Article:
Echocardiography revealed normal left ventricular function, intact interatrial and interventricular septa, no pericardial effusion, and a hypoechoic nodular mass in the right atrium, which was reported to be either a neoplasm or a thrombus. Cardiac MRI was performed with ECG-gated T1W, T2W, and postcontrast sequences obtained in multiple planes. Standard cardiac MRI sequences using balanced gradients, e.g., TrueFISP, were performed. Cine images were also acquired. Cardiac MRI showed thickened myocardium with indistinct planes between the myocardium and the pericardium. Marked nodular thickening was noted at the right atrium-superior vena cava (SVC) junction, which was projecting into the right atrial cavity [Figure 1]. Attenuation of the proximal SVC and dilatation of the inferior vena cava (IVC) were also noticed. The lesion appeared iso- to hypointense on both T1W and T2W images [Figure 2]. Multiple, enlarged mediastinal lymph nodes were also noted [Figure 3]. The contrast-enhanced images revealed heterogeneous enhancement of the entire myocardium [Figure 4] with conglomerate ring-like and nodular enhancement in the region of the right atrium-SVC junction, with compression of the SVC. The myopericardium-pericardium interface was indistinct. The mediastinal nodes also showed peripheral enhancement with nonenhancing centers.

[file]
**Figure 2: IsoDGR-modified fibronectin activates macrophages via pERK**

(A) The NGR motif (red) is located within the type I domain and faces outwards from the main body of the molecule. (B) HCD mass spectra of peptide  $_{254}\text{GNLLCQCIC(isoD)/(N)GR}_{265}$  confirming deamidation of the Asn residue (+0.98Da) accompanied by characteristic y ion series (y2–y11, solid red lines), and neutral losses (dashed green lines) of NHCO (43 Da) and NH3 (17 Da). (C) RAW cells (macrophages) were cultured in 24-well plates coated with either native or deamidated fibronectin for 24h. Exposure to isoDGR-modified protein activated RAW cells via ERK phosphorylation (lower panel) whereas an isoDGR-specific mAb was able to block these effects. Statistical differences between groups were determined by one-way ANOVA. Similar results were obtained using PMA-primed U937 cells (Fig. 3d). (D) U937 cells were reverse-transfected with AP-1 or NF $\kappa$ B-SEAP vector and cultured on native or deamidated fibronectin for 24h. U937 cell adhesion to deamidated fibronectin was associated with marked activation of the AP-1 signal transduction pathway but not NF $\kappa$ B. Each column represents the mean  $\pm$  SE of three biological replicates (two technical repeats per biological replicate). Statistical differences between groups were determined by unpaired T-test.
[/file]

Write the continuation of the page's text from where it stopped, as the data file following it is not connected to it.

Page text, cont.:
These imaging features were nonspecific, and both infective and neoplastic conditions were considered in the differential diagnoses. In view of the T2 hypointensity of the lesion, as well as the peripheral enhancement within the lesion and the enlarged mediastinal nodes, the possibility of tuberculosis was also considered.
Fine needle aspiration cytology from one of the cervical lymph nodes revealed caseating granulomas. Although the evidence was circumstantial, the patient was assumed to have myocardial, pulmonary, and nodal tuberculosis and was given antituberculous therapy. A follow-up MRI done 12 months later revealed complete resolution of the myocardial abnormality and the mediastinal lymphadenopathy [Figure 5] and [Figure 6]. The patient became asymptomatic after 12 months and there was complete resolution of the lung lesions.